Last August, Sparky Anderson looked at his lineup before a home game against Oakland and said to himself, "Why are we even playing this game? Why not just give 'em the win and get 'em out of here. We have no chance."
How bad was it? Detroit lost 103 games, used 46 players, was last in the league in ERA and batting and gave up the most unearned runs (97) in the majors. Credit the Tigers with trying to improve themselves in the off-season, but how much help did they really get? They added first baseman-DH Cecil Fielder, who hit 38 home runs last year—for the Hanshin Tigers. The new centerfielder is Lloyd Moseby, who batted a career-low .221 last season and was gladly let go by Toronto. From Baltimore, Detroit got unwanted DH Larry Sheets, who has struggled for two years. The Tigers doubled what the A's were willing to pay Tony Phillips, their new third baseman and leadoff hitter.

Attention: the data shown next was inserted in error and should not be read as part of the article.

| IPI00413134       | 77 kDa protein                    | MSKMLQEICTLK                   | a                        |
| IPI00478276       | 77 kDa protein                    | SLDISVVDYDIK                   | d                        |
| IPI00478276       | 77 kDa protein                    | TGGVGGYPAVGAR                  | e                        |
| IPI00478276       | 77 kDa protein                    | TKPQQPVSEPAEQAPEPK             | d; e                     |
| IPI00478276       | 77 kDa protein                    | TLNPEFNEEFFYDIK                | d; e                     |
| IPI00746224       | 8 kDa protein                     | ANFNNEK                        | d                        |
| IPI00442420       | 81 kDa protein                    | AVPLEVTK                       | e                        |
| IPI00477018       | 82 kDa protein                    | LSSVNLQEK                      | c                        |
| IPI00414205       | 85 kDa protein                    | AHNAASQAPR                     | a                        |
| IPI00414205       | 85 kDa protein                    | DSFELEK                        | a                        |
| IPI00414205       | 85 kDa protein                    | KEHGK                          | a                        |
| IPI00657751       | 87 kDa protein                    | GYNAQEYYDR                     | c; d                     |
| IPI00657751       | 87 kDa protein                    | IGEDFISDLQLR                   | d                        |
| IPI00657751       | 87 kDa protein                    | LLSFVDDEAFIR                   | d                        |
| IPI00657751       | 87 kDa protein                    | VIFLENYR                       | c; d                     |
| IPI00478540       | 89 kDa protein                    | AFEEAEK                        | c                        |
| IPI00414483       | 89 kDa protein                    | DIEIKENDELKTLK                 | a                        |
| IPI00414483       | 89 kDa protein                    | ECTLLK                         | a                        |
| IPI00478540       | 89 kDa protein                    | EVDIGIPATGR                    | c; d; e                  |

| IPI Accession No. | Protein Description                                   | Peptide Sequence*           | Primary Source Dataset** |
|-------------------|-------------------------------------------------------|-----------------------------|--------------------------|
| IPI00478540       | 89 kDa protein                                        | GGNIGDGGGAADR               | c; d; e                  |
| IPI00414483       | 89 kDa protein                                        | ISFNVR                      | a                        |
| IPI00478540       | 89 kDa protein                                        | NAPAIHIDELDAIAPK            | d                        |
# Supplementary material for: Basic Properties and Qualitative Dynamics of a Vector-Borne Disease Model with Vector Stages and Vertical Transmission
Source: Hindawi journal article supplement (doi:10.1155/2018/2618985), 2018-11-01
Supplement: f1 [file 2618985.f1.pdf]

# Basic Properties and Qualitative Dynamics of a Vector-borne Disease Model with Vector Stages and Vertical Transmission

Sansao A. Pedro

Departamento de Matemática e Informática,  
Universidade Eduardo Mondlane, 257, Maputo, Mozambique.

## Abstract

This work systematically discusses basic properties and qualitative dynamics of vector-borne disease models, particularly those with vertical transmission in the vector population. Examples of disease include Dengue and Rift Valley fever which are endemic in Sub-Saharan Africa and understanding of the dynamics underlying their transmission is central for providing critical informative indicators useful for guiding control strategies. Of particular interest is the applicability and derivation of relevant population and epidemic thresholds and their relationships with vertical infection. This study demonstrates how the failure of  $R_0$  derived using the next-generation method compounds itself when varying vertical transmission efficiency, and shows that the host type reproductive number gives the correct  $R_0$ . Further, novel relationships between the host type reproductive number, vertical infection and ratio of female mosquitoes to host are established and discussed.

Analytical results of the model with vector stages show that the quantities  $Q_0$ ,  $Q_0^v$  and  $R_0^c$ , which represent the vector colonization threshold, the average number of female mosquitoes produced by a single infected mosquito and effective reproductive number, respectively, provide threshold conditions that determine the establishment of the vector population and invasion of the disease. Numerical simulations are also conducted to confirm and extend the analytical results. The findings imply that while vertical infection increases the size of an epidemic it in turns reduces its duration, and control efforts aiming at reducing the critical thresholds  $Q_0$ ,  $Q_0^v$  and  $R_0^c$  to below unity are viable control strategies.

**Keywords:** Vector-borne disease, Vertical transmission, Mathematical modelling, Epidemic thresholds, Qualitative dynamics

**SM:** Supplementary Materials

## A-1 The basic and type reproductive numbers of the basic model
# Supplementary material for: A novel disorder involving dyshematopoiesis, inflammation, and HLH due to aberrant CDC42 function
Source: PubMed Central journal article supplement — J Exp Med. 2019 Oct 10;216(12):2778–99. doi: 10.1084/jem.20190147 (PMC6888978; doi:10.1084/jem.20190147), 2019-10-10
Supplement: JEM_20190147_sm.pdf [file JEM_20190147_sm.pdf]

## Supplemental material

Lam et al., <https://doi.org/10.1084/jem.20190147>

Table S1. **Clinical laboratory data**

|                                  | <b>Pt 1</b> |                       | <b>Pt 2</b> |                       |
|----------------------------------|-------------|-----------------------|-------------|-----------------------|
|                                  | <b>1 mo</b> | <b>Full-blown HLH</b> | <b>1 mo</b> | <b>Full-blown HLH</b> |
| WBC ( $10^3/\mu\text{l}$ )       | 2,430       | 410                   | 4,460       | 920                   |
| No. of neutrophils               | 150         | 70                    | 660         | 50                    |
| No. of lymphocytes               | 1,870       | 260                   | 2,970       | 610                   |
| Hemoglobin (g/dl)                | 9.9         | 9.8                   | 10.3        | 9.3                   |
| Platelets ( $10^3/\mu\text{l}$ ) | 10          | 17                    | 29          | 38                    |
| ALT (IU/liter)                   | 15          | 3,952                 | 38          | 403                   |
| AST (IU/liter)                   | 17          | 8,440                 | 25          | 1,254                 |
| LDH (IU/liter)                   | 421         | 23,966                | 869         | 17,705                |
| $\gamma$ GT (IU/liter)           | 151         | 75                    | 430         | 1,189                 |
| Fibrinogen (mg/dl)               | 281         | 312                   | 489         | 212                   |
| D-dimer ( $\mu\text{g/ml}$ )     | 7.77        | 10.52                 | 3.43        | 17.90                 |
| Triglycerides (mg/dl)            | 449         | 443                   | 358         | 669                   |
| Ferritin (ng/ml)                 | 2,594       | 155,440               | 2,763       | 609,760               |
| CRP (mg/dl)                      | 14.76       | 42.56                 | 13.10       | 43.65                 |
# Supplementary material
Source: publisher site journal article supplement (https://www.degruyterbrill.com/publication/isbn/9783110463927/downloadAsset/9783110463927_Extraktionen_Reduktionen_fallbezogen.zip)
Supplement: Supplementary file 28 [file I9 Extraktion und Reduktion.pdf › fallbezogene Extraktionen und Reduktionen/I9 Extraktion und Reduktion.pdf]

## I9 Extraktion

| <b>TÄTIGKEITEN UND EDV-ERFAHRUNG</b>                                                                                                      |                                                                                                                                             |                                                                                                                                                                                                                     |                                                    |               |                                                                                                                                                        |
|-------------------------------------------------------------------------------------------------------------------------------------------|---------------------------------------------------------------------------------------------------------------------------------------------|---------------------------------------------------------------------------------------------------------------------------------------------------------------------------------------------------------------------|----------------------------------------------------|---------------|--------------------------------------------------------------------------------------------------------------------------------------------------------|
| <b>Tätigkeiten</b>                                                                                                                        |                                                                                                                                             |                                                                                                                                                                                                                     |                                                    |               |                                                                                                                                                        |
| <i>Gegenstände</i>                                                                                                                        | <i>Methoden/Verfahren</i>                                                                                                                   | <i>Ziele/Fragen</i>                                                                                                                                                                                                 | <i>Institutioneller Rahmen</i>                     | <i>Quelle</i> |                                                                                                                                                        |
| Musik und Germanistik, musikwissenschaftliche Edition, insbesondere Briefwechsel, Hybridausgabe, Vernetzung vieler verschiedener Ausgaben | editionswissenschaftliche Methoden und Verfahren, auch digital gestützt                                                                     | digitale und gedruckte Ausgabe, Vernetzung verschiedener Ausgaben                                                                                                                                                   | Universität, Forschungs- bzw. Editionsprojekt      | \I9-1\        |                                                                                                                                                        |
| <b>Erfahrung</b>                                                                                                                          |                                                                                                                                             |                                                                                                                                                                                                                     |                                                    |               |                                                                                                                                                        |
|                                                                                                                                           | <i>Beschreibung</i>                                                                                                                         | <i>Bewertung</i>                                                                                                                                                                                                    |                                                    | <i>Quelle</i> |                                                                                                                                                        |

"Look," says Anderson, "before we even start, we're better than we were, that's a cinch. To say we have a chance to win it, that's tough. But we could do what Baltimore did last year." For Detroit to have any chance at that, it desperately needs comeback years from pitcher Jack Morris, who hurt his elbow last year and fell to 6-14, and shortstop Alan Trammell, who suffered a variety of injuries, dropping his average 68 points. A return to '88 form by pitcher Jeff Robinson would also aid Anderson's cause.
"We'll be presentable," says Anderson. "I don't think we're as ugly as they're painting us to be." Alas, the cellar is always ugly.
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